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FAQs

A Message From Your Coroner
During the past several years the Coroner's Office has seen a dramatic increase in natural cardiovascular disease related deaths for persons 50 years of age and younger. Our office has investigated a number of cardiac-related natural deaths during 2000-2003.

Many people seem unaware that symptoms they are experiencing are signs of cardiovascular disease. Others refuse medical treatment or are noncompliant with their physician's orders. Some of the early warning signs of possible cardiovascular trouble include, but are not limited to heavy or squeezing chest pain, aching in the arm or shoulder, nausea, dizziness, weakness, rapid and or irregular heart beat, shortness of breath, burning indigestion type feeling around the heart, numbness or tingling, and sweating. If you or someone you know experiences any of these signs or symptoms seek medical attention at once. Do Not Hesitate to Call 911.
Q.
Who reports the death to the coroner?
A.
Section 5/3-3020: Every law enforcement official, funeral director, ambulance attendant, hospital director or administrator or person having custody of the body...and any Physician (if cause is from other than natural or non-reportable causes) in attendance upon such a decedent at the time of his/her death, shall notify the Coroner promptly. Any such person failing to do so shall be guilty of a Class A misdemeanor.
Q.
Who signs the death certificate?
A.
Section 5/3-3018: Every Coroner, as soon as he/she shall have completed his/her investigation of the cause and circumstances to death coming within his/her jurisdiction, shall issue a death certificate.
Q.
What is an inquest?
A.
An inquest is a legal public inquiry (hearing) into the manner of death in which the coroner and six jurors sit in a quasi-judicial fashion and evidence is presented (medical, investigative and legal) to determine the manner and circumstances surrounding a death. Inquests assist the following: public health agencies, public and private organizations and law enforcement agencies in an attempt to detect foul play or hazardous conditions. Family members may attend and learn all the known facts surrounding the death of a loved one.
What authority does the coroner have in regard to investigation into the circumstances of the death?
A.
Section 513-3013: In cases of apparent suicide, homicide or accidental death, the Coroner shall...summon a jury of six persons...and conduct an inquest into the manner of death. All deaths in state institutions and all deaths of wards of the State in private care facilities...shall be reported to the Coroner of the County in which the facility is located.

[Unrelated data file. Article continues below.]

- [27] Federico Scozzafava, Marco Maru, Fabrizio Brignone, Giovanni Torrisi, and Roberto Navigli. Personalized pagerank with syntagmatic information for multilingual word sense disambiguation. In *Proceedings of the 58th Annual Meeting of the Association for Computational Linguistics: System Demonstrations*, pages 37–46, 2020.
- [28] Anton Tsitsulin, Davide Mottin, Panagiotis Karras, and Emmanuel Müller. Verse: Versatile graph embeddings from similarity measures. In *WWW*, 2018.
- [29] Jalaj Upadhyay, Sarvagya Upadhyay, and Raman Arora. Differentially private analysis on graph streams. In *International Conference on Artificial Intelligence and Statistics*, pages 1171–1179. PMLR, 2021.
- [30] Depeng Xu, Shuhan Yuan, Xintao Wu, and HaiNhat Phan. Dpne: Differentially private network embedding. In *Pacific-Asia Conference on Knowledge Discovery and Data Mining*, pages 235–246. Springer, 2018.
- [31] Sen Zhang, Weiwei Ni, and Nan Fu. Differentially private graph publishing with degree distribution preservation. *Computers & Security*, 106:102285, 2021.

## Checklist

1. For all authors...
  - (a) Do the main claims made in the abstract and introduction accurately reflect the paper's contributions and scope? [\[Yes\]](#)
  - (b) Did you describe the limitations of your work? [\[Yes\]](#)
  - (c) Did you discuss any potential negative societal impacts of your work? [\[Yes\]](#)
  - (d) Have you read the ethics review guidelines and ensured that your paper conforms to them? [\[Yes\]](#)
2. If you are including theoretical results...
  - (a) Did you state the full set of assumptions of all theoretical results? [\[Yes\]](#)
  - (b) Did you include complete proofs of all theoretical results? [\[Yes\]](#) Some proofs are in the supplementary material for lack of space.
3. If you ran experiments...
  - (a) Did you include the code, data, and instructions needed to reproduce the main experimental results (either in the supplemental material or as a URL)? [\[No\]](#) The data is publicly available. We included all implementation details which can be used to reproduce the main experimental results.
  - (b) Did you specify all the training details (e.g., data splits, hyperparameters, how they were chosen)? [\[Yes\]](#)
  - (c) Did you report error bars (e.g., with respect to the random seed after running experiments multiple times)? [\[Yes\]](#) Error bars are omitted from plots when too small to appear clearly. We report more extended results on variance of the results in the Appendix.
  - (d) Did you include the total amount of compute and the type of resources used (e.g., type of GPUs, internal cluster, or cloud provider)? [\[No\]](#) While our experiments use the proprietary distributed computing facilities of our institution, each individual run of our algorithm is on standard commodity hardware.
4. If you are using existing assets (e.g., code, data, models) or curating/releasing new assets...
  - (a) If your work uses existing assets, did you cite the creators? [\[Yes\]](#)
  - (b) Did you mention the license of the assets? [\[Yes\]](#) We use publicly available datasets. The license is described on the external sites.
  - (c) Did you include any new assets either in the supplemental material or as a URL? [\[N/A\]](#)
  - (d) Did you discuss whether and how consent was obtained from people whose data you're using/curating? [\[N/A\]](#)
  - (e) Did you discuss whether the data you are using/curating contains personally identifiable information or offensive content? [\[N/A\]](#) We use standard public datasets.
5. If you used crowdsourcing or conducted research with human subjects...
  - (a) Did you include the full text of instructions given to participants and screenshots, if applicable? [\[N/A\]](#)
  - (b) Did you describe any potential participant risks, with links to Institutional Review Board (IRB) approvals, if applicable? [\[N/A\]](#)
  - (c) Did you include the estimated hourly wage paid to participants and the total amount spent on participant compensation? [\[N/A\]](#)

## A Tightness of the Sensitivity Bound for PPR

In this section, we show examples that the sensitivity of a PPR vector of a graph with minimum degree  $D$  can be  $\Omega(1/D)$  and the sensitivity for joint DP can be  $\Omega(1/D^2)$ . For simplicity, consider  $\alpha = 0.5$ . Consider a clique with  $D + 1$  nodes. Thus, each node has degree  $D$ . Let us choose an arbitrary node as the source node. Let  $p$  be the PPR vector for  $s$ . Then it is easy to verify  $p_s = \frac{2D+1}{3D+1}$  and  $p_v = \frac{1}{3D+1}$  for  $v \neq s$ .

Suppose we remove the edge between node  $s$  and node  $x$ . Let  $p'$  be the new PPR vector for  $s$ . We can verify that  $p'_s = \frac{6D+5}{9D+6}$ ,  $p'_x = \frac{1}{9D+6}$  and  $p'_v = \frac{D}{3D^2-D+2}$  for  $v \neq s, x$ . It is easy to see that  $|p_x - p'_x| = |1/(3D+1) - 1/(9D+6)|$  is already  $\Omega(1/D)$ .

Q.
What authority does the coroner have in regard to the dead body?
A.
Section 513-3019: No dead body...or the personal property of such a deceased person, shall be handled, moved, disturbed, embalmed or removed from the place of death by any person, except with the permission of the Coroner. Any person knowingly violating the provisions of this Section is guilty of Class A misdemeanor.

Section 513-3015: Where a death has occurred and the circumstances concerning the death are suspicious, obscure, or mysterious and the cause of death cannot be established definitely except by autopsy, it shall be the duty of the Coroner to cause an autopsy to be performed.

Section 513-3021: The Coroner shall release the body of the decedent to the next-of-kin or to the funeral director selected by such persons. Authorization of appropriate next-of-kin is required by the Stephenson County Coroner's Office.
Q.
What is an autopsy?
A.
An autopsy is a surgical procedure (internal and external examination of the body) used to aid the coroner in establishing a cause of death in those cases where the cause cannot be established with a reasonable degree of certainty without an autopsy or mandated by state statue.

An autopsy is performed by a licensed forensic pathologist who has been certified by the State of Illinois.
Q.
Does the family need to consent to an autopsy before the coroner may authorize that one be performed?
A.
No. The coroner may order an autopsy to be performed in any case deemed necessary. In matters of death investigation, the coroner has absolute and complete authority and unlimited powers to:
  • Investigate
  • Make chemical analysis of body tissues
  • Subpoena
  • Arrest
Q.
What are the responsibilities of the coroner?
A.
The responsibilities of the coroner are to ensure that the proper scientific studies are performed:
  • Autopsy
  • Toxicology tests
  • Microscopic examinations
  • Bacteriology
  • X-rays
  • Fingerprinting
  • Taking and gathering reports
  • Notification of death to families
  • On-scene investigation
  • Photographing
  • Transportation of victims assuring chain of evidence security
  • Evidence collecting
  • Dental examination and identification
  • Meeting with survivors
  • Presiding at inquests
  • Issuance of death certificates and cremation permits cooperating with
    • Medical agencies
    • Funeral Directors
    • Law enforcement agencies
    • Fire rescue & EMS departments
    • And others
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